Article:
How sustainable aviation fuel is transforming the industry’s high carbon reputation
As part of our Aviation Investor Forum Series, Goodbody hosted industry leaders Thomas Fowler, Ryanair Head of Sustainability, Bryan Stonehouse, Head of Sustainability and Risk, Shell Aviation, and Fatima da Gloria de Sousa, Head of Sustainability, Air France KLM, to discuss how sustainable aviation fuel is being used to decarbonise the industry. Here we explore our top five take-aways from the aviation sustainability webinar.
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1. The sustainability agenda is set to transform the aviation industry
Sustainability has emerged as a megatheme across all sectors, but perhaps none more so than aviation. As one of the world’s leading polluters, society is no longer willing to accept that aviation has the license to operate as it currently does, making systemic change necessary.
Thankfully the industry and its customers are embracing this challenge. Our panellists shared details of a raft of partnerships, collaborations and projects aimed at solving the sector’s unique challenges as it strives towards a net zero future.
Meanwhile, the industry is seeing growing support from its customers, particularly from corporate clients who themselves are looking to decrease their scope 3 emissions1 and are looking at their business travel and cargo footprints.
2. Sustainable Aviation Fuel is the industry’s primary tool in reducing emissions
Sustainable Aviation Fuel (SAF) is a low carbon jet fuel, produced from biomass and waste feedstocks, lowering its carbon lifecycle.
SAF can be used and mixed interchangeably with standard jet kerosene, simplifying its integration into existing systems and infrastructure. This is pivotal in ensuring that it can be adopted at scale without requiring parallel infrastructure to be developed.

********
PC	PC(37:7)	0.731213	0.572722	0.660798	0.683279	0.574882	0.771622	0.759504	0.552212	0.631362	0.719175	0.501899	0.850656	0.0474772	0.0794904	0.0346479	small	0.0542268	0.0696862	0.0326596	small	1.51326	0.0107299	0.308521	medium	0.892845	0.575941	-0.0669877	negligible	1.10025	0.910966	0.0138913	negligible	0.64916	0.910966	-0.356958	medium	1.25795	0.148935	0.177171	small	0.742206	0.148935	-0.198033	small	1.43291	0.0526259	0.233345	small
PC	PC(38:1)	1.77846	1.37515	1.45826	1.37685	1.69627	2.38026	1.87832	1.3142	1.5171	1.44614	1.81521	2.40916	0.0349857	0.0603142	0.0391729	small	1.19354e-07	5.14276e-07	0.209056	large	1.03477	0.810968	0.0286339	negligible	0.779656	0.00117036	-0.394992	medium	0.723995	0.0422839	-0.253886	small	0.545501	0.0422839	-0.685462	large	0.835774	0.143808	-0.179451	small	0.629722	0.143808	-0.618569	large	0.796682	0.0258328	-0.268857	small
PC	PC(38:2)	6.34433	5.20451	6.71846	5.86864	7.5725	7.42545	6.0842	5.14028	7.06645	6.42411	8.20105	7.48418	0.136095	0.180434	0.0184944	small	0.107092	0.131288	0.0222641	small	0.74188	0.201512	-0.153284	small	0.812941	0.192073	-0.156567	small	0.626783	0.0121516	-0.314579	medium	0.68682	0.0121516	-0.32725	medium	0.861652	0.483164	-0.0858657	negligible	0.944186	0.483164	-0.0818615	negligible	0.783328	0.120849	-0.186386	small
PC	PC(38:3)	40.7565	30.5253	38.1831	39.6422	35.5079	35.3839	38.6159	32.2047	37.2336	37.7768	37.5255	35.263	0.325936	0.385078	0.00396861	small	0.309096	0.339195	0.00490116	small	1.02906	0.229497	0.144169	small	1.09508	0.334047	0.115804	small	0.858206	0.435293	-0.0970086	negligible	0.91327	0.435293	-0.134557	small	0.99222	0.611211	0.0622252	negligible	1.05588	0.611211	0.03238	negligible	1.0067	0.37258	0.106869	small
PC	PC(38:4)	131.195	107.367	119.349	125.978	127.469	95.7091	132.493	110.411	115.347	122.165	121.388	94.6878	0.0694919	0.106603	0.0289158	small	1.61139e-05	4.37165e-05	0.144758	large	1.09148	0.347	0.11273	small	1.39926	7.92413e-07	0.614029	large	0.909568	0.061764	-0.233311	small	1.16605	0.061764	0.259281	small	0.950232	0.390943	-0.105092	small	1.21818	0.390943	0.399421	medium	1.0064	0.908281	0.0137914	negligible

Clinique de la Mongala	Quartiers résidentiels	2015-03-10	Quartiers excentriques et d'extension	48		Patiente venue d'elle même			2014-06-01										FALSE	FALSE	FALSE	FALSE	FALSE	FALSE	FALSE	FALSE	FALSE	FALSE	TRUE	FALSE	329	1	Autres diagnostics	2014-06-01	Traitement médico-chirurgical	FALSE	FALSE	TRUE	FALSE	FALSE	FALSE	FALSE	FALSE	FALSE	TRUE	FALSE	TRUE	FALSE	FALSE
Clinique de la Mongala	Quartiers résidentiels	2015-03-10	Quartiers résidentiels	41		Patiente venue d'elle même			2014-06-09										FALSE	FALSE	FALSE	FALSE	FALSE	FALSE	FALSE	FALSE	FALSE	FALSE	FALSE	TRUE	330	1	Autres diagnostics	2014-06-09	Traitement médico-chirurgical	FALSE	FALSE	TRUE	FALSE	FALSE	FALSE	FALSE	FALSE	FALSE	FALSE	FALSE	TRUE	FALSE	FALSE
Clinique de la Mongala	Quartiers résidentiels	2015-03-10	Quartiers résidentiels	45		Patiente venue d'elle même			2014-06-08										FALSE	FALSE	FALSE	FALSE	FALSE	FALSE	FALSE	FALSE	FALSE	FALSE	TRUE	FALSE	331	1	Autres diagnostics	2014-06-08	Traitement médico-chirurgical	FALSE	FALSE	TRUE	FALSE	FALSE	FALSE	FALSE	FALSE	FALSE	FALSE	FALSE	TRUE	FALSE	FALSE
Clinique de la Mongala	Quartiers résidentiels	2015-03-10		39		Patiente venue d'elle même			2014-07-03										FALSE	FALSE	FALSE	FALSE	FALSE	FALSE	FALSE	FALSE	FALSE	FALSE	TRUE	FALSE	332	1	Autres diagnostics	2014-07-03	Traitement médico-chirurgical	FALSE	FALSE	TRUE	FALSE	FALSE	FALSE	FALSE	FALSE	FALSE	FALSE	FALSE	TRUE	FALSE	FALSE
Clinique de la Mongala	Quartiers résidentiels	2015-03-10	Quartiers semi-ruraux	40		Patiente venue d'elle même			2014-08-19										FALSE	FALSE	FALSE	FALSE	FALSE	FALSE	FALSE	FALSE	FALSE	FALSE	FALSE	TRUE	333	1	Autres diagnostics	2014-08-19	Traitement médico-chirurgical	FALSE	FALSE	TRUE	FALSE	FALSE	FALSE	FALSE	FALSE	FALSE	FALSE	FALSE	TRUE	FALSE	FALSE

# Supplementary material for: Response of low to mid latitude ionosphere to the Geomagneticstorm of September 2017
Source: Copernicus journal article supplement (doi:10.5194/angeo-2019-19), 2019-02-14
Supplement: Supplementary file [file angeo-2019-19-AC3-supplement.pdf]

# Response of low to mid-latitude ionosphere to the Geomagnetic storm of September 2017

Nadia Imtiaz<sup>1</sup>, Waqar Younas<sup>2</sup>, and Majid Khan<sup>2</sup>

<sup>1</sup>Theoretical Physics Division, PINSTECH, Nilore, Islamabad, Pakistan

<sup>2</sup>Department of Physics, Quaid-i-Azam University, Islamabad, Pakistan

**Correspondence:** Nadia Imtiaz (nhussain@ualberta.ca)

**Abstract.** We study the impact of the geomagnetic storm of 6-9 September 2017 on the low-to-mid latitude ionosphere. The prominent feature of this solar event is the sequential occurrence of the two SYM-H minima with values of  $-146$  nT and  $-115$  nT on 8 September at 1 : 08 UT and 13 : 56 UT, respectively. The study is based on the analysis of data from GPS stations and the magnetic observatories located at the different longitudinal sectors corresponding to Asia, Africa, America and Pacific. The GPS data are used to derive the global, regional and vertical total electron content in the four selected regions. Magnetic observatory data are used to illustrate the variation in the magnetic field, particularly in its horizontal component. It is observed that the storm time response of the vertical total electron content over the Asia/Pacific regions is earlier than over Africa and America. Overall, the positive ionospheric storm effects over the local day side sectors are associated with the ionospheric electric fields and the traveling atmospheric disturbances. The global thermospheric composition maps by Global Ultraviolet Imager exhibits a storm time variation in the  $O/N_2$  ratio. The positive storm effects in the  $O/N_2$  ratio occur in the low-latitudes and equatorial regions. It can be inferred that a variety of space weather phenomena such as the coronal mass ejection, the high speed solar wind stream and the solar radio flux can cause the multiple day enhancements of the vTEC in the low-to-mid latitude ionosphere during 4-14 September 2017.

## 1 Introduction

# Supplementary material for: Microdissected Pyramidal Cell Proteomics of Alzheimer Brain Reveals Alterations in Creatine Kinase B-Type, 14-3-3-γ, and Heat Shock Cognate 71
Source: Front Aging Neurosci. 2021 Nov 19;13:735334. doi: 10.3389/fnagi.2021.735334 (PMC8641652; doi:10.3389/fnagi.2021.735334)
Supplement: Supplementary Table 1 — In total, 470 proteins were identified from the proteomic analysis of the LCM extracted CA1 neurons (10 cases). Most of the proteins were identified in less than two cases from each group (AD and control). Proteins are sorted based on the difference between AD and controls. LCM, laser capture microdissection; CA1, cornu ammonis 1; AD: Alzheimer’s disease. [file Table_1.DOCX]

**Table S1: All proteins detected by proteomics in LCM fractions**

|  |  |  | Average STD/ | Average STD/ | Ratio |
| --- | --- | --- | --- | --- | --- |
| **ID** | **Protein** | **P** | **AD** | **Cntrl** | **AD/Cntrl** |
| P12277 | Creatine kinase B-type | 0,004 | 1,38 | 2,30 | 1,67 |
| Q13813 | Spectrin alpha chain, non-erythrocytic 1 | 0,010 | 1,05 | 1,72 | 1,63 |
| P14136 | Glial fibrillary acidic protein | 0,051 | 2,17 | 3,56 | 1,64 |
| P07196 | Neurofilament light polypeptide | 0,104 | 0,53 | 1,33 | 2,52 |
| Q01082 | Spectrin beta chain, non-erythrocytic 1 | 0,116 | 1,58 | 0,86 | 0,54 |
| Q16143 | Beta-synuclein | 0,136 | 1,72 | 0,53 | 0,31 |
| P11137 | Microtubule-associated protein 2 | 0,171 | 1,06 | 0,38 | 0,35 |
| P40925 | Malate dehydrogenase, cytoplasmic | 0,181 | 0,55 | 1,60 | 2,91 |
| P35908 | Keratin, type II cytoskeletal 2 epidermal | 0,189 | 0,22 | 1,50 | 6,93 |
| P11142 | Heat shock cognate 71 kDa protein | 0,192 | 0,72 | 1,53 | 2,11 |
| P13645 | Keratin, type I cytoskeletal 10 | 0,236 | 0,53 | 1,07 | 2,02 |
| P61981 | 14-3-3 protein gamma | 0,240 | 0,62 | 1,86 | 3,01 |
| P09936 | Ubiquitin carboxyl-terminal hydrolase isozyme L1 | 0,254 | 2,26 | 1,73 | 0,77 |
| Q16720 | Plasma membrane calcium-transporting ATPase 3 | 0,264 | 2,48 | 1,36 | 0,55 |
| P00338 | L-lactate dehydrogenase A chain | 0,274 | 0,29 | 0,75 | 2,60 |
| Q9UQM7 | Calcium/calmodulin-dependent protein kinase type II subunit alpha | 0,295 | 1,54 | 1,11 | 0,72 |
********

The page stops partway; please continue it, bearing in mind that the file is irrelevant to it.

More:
Many SAF projects are up and running, with several global airports already incorporating SAF into their fuel pool. While the most mature technologies tend to use waste oils and fats, more advanced biofuels and even synthetic fuels are being developed at pace and will be available at scale in the coming years and decades.
3. Achieving sustainability at scale
While SAF constitutes less than 1% of global supply today, all of our panellists predict that this will grow significantly over the next 10 years to become a substantial part of the supply mix.
Europe, a leader in the adoption of SAF, is expected to reach 5% SAF in 2030 and 20% by 2035. Meanwhile, the US is making meaningful progress and supportive policies are being adopted all around the world.
Given the flexibility of SAF solutions, everywhere in the world has something to bring to the table, depending on the innate availability of feedstock and technology options.
4. Government support needed
While the industry is making strides towards a more sustainable future, there is a clear role for governments in smoothing this transition.
The high current cost of SAF compared to regular jet fuel means that further price mechanisms will be needed to close this gap and increase adoption.
However, while pricing schemes can serve a purpose, it is important that any money raised by governments through taxation is reinvested into the industry and not extracted for other purposes.
Over time, our panellists hope to see cost improvements as projects begin to scale, however government subsidies or capex funding for new projects will be important in overcoming high initial costs.
5. Sustainable Aviation Fuel is one piece of a complex jigsaw
While SAF is viewed as the main decarbonisation tool for the next 30 years, all of our panellists acknowledged that it is just one part of the solution as the industry transitions to net zero. Alternative forms of aircraft propulsion, efficiency and fuel performance are all important factors, with different technologies and solutions expected to come online in the short, medium and long term.
Electric planes, hydrogen planes, more efficient engines, lighter aircraft and improved operational efficiency will all need to go hand in hand with SAF to play their part in a more sustainable aviation industry.
1Greenhouse gas emissions are categorised into three groups by the Greenhouse Gas Protocol. Scope 1 covers direct emissions from owned or controlled sources. Scope 2 covers indirect emissions from the generation of purchased electricity, steam, heating and cooling consumed by the reporting company. Scope 3 includes all other indirect emissions that occur in a company’s value chain.
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